While progress and strides have certainly been made when it comes to workplace equality, many lesbian, gay, bisexual and transgender (LGBT) employees are still anxious about revealing their sexuality at work.
This can be attributed to the fact that the LGBT employees worry that revealing their sexuality in the working environment, will have negative consequences on their jobs or career prospects.
Just recently, a survey commissioned by the Other Foundation, carried out by the Human Sciences Research Council (HSRC), found that over 70% of South Africans feel that same-sex activity is “morally wrong”.
This is an unfortunate reality that the LGBT population still has to grapple with, despite our country entering the tenth anniversary since same-sex marriage was legalised in November 2006.
However, considering that the US National Gay & Lesbian Chamber of Commerce (NGLCC) estimates that there are 3, 29 million LGBT people in South Africa, and the fact that if this community were a nation, its economy would be the 105th biggest in the world, it in actual fact means that the LGBT community is one of the biggest drivers of South Africa’s economy.
LGBT individuals occupy a number of posts in the workplace, but due to the stereotypes that they face on a daily basis – they often hide their private lives from colleagues and clients for fear of homophobia, exclusion, or in case they might be overlooked for valuable promotions.
This is aggravated by the fact that they live in in a heteronormative society (a world view that promotes heterosexuality as the normal or preferred sexual orientation). The question of LGBT in the workplace, is often an elephant in the room that companies would rather choose to disregard.
Tips for creating an LGBT inclusive workplace
• Do not assume that everyone in your office is heterosexual.
• As with Women’s Day, adopt a habit of commemorating significant days that celebrate gay, lesbian and transgender individuals – this should help demonstrate the acknowledgement of LGBT individuals in the workplace.
• Ensure that you equally acknowledge the relationships of staff members by celebrating anniversaries, births and marriages/union ceremonies in a similar way, regardless of sexual orientation.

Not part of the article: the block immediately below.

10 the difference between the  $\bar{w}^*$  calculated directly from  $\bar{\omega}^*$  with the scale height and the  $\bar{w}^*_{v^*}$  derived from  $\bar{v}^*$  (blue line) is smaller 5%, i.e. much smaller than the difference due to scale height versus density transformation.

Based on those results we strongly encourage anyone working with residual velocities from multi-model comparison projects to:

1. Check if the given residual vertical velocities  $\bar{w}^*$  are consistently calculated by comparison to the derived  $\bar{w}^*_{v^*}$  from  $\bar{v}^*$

• Always refer to “partners” when inviting employee spouses of your employees to social activities. This should apply to all internal communication to make it more inclusive and non-gender specific.
• Never reveal a LGBT person’s sexual orientation or gender identity without their permission.
• In training sessions for employees or managers, use concrete examples of situations that pertain to LGBT persons. For example, when addressing legal issues relating to financial matters of opposite-sex couples in a pre-retirement course, discuss those that apply to same-sex couples as well.
Companies can start with the following as a starting point in entrenching diversity into the company’s HR policies.
• Do not make diversity a mere buzzword, but rather build it into your company’s HR policies. Introduce policies that include health benefits for same-sex partners.
• Endorse a LGBT-friendly work environment by recruiting more diverse employees. Ensure that your hires know about the company’s commitment to diversity and equality through your organisation’s statements about inclusion.
• An inclusive environment allows staff members to be honest and open about who they are, and this will also enable them to perform at their best.
Inclusivity will allow the business to attract and retain top talent. LGBT consumers will also support your business more if they know about your commitment to their community.
Kay Vittee is the CEO of Quest Staffing Solutions.